The Centers for Medicare & Medicaid Services is launching two new initiatives that may improve mental health services for seniors and nursing home residents.
CMS is kicking off a program on March 29 designed to curb the use of antipsychotic medications for nursing home residents with dementia-related behaviors. The CMS action plan will promote awareness of non-drug approaches to treat aggression and agitation; strengthen regulatory oversight; and boost public reporting.
Additionally, CMS announced today that 11 states, plus the District of Columbia, will be participating in a Medicaid Emergency Psychiatric Demonstration project. The program, funded by the Affordable Care Act, was developed to determine whether Medicaid beneficiaries who are experiencing a psychiatric emergency get more effective care when mental health providers receive Medicaid reimbursement.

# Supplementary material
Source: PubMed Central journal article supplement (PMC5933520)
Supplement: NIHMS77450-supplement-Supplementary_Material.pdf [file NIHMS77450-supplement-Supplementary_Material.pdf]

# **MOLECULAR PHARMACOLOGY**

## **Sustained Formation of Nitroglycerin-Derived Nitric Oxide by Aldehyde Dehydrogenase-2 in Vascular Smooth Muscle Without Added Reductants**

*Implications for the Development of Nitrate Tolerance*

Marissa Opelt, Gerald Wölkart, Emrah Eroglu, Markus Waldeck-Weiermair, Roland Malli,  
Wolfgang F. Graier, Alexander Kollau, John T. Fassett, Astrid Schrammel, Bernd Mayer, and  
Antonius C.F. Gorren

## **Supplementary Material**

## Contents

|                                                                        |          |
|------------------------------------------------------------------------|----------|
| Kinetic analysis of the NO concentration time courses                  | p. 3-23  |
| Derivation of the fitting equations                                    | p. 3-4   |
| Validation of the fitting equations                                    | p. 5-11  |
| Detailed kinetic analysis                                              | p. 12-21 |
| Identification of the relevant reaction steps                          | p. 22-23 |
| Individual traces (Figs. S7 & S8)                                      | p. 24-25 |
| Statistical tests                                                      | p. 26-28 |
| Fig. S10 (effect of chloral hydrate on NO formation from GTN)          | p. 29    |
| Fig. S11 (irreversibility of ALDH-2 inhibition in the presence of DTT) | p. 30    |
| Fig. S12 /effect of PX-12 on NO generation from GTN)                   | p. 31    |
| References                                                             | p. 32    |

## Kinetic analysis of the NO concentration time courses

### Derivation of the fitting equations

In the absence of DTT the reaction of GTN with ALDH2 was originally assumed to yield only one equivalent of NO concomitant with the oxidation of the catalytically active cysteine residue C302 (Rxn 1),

The funding will allow private institutions for mental diseases (IMDs) to treat Medicaid beneficiaries between the ages of 21 and 64. Federal law has historically prohibited Medicaid from paying for IMDs in this age group. This often can cause a mismatch of services, according to CMS Acting Administrator Marilyn Tavenner.
Beneficiaries often end up in hospital emergency departments which “may not be an efficient use of healthcare dollars, and may be detrimental to vulnerable patients — especially when they could immediately be treated in the setting with more appropriate care,” Tavenner said.
Mental health emergencies, which can include violent and aggressive behaviors by individuals with dementia, are not uncommon in nursing home residents. Click here for more information on the initiative. Click here for more information on CMS’ behavioral health action plan.